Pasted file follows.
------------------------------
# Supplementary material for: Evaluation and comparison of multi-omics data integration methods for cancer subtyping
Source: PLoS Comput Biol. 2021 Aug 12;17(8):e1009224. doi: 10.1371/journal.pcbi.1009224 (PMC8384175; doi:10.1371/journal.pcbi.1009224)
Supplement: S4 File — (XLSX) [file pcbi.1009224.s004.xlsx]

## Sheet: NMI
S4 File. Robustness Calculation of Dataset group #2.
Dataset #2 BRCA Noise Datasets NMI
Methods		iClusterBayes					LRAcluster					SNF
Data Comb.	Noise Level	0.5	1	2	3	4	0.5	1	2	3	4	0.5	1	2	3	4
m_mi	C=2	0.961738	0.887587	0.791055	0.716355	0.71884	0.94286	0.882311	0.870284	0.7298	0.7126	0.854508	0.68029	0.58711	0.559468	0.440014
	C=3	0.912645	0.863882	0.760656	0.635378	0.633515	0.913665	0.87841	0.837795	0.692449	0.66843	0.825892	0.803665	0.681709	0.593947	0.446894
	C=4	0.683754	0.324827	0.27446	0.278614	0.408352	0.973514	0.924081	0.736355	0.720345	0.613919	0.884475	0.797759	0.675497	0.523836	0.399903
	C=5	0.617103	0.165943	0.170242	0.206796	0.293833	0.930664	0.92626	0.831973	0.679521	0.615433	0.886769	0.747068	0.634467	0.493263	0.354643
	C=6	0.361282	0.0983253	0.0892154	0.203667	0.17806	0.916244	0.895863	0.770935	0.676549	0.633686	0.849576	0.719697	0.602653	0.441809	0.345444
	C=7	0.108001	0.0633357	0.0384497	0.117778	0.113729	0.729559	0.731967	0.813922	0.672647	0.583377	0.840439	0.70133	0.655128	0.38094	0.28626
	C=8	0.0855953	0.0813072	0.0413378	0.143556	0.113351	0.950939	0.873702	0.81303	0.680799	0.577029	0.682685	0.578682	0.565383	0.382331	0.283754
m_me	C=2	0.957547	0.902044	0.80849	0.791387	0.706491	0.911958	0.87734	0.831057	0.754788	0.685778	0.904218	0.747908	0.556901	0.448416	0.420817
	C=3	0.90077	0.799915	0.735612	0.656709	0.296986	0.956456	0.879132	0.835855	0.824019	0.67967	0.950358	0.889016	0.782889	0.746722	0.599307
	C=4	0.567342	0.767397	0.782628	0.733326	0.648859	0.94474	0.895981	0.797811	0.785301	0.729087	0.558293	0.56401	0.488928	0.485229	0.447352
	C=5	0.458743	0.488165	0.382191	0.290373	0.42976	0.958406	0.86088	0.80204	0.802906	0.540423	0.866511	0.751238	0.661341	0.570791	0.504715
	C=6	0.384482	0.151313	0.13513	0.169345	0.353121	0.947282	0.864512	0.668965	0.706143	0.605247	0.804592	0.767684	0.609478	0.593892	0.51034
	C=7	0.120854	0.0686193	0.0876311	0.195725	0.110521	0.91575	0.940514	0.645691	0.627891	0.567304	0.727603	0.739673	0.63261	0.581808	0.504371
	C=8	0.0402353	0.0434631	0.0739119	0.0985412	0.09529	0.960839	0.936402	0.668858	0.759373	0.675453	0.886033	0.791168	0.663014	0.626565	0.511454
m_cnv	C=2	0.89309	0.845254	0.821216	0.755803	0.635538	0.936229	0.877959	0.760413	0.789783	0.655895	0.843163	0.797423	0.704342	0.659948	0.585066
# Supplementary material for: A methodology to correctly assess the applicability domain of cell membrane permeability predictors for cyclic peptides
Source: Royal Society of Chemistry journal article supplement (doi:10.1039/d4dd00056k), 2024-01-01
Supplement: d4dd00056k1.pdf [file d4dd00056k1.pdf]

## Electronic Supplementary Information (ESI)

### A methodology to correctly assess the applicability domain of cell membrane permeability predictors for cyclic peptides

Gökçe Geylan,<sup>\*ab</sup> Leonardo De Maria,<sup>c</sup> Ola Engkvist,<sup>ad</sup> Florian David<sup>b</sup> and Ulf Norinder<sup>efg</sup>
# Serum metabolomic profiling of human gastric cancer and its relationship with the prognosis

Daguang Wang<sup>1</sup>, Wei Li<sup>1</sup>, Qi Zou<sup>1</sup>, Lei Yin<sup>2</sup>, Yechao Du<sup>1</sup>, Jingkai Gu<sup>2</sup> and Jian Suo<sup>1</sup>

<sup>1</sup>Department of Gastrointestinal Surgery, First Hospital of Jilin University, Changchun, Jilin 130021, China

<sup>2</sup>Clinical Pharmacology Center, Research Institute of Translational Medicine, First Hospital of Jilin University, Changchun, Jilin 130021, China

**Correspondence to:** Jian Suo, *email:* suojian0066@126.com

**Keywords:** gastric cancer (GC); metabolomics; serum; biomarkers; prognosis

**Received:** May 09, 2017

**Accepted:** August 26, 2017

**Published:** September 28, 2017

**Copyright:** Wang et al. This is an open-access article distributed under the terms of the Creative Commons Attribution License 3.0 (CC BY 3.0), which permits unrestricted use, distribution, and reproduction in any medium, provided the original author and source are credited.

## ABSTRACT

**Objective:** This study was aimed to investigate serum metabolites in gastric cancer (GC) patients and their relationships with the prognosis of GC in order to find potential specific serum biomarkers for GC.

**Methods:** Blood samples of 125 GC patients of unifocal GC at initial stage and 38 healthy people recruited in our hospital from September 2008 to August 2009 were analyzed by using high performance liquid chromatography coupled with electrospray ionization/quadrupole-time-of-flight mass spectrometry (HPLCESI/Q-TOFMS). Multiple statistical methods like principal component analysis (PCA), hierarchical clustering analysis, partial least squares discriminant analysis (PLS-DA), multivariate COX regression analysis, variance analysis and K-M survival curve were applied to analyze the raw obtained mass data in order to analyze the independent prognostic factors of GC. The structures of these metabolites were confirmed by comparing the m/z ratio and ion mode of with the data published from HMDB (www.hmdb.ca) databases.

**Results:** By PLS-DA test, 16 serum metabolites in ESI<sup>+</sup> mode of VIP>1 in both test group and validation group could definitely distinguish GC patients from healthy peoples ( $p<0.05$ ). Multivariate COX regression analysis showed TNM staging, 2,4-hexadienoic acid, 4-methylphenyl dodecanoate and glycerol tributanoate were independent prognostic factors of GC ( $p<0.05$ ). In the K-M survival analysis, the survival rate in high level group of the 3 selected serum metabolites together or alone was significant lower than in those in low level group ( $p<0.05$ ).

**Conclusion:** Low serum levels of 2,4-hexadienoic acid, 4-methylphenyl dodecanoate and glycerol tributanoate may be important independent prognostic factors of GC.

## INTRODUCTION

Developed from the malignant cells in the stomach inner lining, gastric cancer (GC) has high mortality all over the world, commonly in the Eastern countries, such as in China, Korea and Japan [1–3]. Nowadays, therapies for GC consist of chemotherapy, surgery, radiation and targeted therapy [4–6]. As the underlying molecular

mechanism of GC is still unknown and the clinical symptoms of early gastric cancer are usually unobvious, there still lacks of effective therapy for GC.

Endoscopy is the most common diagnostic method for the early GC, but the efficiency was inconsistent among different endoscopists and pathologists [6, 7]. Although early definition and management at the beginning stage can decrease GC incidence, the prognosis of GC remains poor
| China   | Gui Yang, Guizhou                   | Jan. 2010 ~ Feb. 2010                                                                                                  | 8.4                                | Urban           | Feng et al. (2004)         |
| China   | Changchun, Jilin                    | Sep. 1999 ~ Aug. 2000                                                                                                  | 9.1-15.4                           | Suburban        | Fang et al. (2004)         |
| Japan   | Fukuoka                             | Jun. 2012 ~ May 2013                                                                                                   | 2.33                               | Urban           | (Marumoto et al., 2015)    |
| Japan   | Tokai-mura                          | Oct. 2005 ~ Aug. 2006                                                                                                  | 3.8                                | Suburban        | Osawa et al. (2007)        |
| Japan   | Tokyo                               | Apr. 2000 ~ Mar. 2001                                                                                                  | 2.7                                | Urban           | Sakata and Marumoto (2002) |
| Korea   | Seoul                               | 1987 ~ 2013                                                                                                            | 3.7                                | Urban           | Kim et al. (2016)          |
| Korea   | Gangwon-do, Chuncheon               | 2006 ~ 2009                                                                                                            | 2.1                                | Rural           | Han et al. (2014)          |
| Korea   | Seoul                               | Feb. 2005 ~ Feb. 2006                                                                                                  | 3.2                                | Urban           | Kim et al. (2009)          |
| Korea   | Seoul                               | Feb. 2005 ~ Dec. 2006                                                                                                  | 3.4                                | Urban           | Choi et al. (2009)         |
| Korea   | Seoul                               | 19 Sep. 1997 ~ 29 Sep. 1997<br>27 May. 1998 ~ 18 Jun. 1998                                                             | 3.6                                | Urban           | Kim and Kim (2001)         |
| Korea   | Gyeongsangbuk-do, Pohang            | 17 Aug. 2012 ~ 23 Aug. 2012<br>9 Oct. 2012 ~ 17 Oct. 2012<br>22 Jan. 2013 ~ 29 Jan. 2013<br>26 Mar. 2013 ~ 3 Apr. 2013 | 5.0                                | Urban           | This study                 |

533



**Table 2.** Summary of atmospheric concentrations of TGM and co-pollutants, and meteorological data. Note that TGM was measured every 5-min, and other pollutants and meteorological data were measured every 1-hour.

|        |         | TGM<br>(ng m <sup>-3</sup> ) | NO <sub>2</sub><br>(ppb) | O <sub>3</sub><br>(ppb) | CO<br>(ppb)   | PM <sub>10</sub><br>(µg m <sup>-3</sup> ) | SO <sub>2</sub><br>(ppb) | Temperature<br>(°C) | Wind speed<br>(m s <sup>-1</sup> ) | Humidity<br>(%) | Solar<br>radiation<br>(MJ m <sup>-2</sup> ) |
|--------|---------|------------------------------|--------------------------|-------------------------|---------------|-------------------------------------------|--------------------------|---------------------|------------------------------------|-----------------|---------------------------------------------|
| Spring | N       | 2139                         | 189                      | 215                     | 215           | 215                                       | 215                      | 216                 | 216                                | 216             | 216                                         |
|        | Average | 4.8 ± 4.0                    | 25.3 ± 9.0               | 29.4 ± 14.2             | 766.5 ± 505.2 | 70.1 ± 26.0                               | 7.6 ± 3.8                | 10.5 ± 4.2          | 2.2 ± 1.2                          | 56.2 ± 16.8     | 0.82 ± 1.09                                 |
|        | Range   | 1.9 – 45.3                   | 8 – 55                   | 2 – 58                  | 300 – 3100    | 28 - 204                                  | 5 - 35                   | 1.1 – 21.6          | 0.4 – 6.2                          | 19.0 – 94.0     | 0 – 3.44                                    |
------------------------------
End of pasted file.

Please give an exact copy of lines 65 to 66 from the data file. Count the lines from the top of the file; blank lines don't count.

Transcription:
|        | Average | 4.8 ± 4.0                    | 25.3 ± 9.0               | 29.4 ± 14.2             | 766.5 ± 505.2 | 70.1 ± 26.0                               | 7.6 ± 3.8                | 10.5 ± 4.2          | 2.2 ± 1.2                          | 56.2 ± 16.8     | 0.82 ± 1.09                                 |
|        | Range   | 1.9 – 45.3                   | 8 – 55                   | 2 – 58                  | 300 – 3100    | 28 - 204                                  | 5 - 35                   | 1.1 – 21.6          | 0.4 – 6.2                          | 19.0 – 94.0     | 0 – 3.44                                    |